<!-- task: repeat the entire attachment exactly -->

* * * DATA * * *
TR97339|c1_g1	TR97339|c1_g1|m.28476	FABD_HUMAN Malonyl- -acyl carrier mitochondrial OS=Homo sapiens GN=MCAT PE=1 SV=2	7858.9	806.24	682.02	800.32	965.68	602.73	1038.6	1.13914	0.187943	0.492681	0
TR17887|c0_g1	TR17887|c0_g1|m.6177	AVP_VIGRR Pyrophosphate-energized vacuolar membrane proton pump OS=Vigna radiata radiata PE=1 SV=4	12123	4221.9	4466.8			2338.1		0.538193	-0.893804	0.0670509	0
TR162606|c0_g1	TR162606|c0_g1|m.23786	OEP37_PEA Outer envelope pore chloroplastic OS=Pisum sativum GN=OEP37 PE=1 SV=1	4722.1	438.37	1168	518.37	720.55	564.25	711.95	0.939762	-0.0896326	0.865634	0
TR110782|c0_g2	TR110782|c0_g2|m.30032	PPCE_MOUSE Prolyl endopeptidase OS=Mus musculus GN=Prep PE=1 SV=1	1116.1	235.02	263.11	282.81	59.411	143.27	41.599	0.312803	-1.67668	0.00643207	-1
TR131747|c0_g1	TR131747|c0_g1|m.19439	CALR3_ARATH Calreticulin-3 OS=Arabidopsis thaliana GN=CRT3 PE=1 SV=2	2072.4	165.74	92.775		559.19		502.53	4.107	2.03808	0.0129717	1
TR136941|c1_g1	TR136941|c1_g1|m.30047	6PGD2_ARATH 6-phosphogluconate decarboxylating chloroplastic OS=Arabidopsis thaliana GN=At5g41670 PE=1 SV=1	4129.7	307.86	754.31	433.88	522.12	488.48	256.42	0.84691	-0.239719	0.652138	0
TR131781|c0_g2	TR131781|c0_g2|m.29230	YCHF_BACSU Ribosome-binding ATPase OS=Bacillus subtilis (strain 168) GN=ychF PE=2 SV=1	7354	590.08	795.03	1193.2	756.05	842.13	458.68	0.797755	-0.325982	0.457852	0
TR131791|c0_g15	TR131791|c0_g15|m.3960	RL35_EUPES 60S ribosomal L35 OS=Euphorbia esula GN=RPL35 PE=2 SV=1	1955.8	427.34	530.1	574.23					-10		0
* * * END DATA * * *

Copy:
TR97339|c1_g1	TR97339|c1_g1|m.28476	FABD_HUMAN Malonyl- -acyl carrier mitochondrial OS=Homo sapiens GN=MCAT PE=1 SV=2	7858.9	806.24	682.02	800.32	965.68	602.73	1038.6	1.13914	0.187943	0.492681	0
TR17887|c0_g1	TR17887|c0_g1|m.6177	AVP_VIGRR Pyrophosphate-energized vacuolar membrane proton pump OS=Vigna radiata radiata PE=1 SV=4	12123	4221.9	4466.8			2338.1		0.538193	-0.893804	0.0670509	0
TR162606|c0_g1	TR162606|c0_g1|m.23786	OEP37_PEA Outer envelope pore chloroplastic OS=Pisum sativum GN=OEP37 PE=1 SV=1	4722.1	438.37	1168	518.37	720.55	564.25	711.95	0.939762	-0.0896326	0.865634	0
TR110782|c0_g2	TR110782|c0_g2|m.30032	PPCE_MOUSE Prolyl endopeptidase OS=Mus musculus GN=Prep PE=1 SV=1	1116.1	235.02	263.11	282.81	59.411	143.27	41.599	0.312803	-1.67668	0.00643207	-1
TR131747|c0_g1	TR131747|c0_g1|m.19439	CALR3_ARATH Calreticulin-3 OS=Arabidopsis thaliana GN=CRT3 PE=1 SV=2	2072.4	165.74	92.775		559.19		502.53	4.107	2.03808	0.0129717	1
TR136941|c1_g1	TR136941|c1_g1|m.30047	6PGD2_ARATH 6-phosphogluconate decarboxylating chloroplastic OS=Arabidopsis thaliana GN=At5g41670 PE=1 SV=1	4129.7	307.86	754.31	433.88	522.12	488.48	256.42	0.84691	-0.239719	0.652138	0
TR131781|c0_g2	TR131781|c0_g2|m.29230	YCHF_BACSU Ribosome-binding ATPase OS=Bacillus subtilis (strain 168) GN=ychF PE=2 SV=1	7354	590.08	795.03	1193.2	756.05	842.13	458.68	0.797755	-0.325982	0.457852	0
TR131791|c0_g15	TR131791|c0_g15|m.3960	RL35_EUPES 60S ribosomal L35 OS=Euphorbia esula GN=RPL35 PE=2 SV=1	1955.8	427.34	530.1	574.23					-10		0